The Difficult Question of Office 365 Backups

To Backup Or Not To Backup

In today’s article, I venture once again into the choppy waters of asking if backups are necessary for Office 365 data.

In the old days when Office 365 was still new, it was possible to see how on-premises techniques and standards could be taken forward into the cloud. After all, in 2011 Office 365 ran barely-cloudified versions of Exchange 2010 and SharePoint 2010. Mailboxes were small, and the SharePoint migration hadn’t really started because of a lack of tools.

Roll on seven years and we have a completely different situation. First, the variants of Exchange and SharePoint running inside Office 365 are very different and have a different mission. Exchange Online is now a mailbox service for the rest of Office 365 (for example, Teams uses mailboxes to store compliance records). SharePoint Online is a document management service used by Teams and Planner. Everything is much more tightly interconnected. Mailboxes have a basic 100 GB quota but can store much more through expanding archives and the volume of SharePoint documents now stored in the cloud is growing at an enormous rate.

But what hasn’t changed is the notion of streaming mailbox and document data out to a backup location. This is all fine, providing that your network supports the transmission and that the backup vendor can deal with data sovereignty and handle regulations like GDPR.

Can Backup Solutions Cope with Office 365?

However, the problem is that most Office 365 backup solutions can’t handle Teams or Planner because the necessary APIs are not available to stream the data out to the backup datacenters and then restore teams and plans back to a point in time. Without the APIs, backup solutions have to resort to processing Teams compliance records held in Exchange mailboxes (but they don’t get a true copy because not all metadata is copied).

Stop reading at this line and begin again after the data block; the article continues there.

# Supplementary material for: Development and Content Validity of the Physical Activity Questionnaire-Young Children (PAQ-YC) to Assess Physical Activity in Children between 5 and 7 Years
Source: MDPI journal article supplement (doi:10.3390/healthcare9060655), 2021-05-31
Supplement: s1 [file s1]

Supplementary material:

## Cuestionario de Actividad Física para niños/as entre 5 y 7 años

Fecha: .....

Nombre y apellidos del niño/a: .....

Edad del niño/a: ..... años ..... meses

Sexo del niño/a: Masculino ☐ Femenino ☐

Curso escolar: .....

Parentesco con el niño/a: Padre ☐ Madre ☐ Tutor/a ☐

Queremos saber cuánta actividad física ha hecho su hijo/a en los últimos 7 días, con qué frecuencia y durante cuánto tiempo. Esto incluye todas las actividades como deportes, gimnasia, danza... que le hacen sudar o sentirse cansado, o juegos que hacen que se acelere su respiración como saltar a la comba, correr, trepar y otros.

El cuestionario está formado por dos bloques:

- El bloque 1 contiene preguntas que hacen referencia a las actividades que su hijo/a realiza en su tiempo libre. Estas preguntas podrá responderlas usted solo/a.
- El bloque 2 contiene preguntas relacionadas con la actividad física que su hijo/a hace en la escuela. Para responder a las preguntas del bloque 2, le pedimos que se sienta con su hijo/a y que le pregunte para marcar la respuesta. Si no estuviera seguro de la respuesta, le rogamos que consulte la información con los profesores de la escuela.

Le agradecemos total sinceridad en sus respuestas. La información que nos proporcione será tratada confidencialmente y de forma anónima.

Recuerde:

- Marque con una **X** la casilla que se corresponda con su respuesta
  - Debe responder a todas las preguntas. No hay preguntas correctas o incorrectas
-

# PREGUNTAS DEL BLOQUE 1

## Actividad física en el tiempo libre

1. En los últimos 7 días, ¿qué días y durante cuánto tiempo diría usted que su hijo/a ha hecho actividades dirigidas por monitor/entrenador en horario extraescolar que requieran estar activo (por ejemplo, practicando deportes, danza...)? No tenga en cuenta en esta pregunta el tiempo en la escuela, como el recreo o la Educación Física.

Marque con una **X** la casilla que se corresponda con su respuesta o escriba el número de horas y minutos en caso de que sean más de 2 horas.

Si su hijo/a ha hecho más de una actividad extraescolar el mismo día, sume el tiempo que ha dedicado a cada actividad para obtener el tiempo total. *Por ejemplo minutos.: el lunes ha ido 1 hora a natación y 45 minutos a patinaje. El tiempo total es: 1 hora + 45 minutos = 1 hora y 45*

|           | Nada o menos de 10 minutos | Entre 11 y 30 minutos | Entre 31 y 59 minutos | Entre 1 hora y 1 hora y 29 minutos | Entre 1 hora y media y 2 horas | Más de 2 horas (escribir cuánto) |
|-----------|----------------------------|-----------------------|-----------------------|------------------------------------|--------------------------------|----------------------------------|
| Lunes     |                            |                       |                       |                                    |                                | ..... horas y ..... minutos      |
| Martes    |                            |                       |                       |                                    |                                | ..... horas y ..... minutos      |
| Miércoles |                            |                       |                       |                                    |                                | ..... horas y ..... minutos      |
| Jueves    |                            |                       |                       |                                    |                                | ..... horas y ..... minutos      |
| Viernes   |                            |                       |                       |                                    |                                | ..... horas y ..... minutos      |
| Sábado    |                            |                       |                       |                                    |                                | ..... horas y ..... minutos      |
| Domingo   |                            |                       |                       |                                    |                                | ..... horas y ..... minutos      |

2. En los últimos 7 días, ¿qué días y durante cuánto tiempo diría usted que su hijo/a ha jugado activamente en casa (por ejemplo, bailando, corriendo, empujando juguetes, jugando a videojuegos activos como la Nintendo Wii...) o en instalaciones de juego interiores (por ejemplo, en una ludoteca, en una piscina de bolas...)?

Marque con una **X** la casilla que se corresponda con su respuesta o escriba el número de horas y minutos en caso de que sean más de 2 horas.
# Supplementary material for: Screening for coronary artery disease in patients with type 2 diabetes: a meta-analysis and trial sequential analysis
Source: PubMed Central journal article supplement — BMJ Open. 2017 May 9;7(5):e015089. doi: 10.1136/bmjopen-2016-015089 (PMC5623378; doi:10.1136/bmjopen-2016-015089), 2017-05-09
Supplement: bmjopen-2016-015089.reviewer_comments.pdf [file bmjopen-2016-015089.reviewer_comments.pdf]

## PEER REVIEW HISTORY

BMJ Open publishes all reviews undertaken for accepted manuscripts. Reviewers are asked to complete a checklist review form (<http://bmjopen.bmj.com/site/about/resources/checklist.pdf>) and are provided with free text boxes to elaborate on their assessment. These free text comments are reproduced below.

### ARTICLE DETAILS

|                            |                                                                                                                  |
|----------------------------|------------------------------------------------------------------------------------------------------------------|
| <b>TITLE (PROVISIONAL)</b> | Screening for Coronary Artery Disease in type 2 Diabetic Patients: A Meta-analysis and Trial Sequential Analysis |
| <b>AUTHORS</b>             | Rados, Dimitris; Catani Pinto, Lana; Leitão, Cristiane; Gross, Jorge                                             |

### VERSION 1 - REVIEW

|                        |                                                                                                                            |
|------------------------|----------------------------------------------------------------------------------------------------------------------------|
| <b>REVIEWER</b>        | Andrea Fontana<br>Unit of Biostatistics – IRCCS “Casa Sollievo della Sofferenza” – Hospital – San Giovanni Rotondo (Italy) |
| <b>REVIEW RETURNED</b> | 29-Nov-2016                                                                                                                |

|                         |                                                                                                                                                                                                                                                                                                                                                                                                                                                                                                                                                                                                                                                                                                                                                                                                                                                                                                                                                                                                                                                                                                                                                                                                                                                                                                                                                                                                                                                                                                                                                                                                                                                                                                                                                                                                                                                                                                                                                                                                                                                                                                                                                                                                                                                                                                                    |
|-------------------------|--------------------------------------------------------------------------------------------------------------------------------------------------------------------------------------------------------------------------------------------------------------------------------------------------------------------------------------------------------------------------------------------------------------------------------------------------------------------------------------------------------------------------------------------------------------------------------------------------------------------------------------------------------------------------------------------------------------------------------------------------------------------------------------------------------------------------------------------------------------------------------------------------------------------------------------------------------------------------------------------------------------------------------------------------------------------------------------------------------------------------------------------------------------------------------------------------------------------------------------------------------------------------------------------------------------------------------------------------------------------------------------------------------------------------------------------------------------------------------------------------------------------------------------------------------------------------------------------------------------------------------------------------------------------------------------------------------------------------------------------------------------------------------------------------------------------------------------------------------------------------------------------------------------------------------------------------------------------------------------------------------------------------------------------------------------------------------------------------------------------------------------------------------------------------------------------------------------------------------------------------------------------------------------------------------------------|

I also ask if tenants are making use of the Office 365 features available to them to avoid the need for backups. Some features are only recently available (protocol authentication policies), others have been around for a while (retention policies for Teams, SharePoint, and Exchange). Given the rate of change in the cloud, it might be the case that tenants are unaware of the features that they are paying for that could be deployed to avoid the expense and complexity of taking partial Office 365 backups. Read on!

We know it’s difficult for companies to keep track of Office 365 features and functionality. That’s why we write the Office 365 for IT Pros eBook and keep it updated with new information and insights as we learn more about the technology. Every Office 365 administrator needs a copy.

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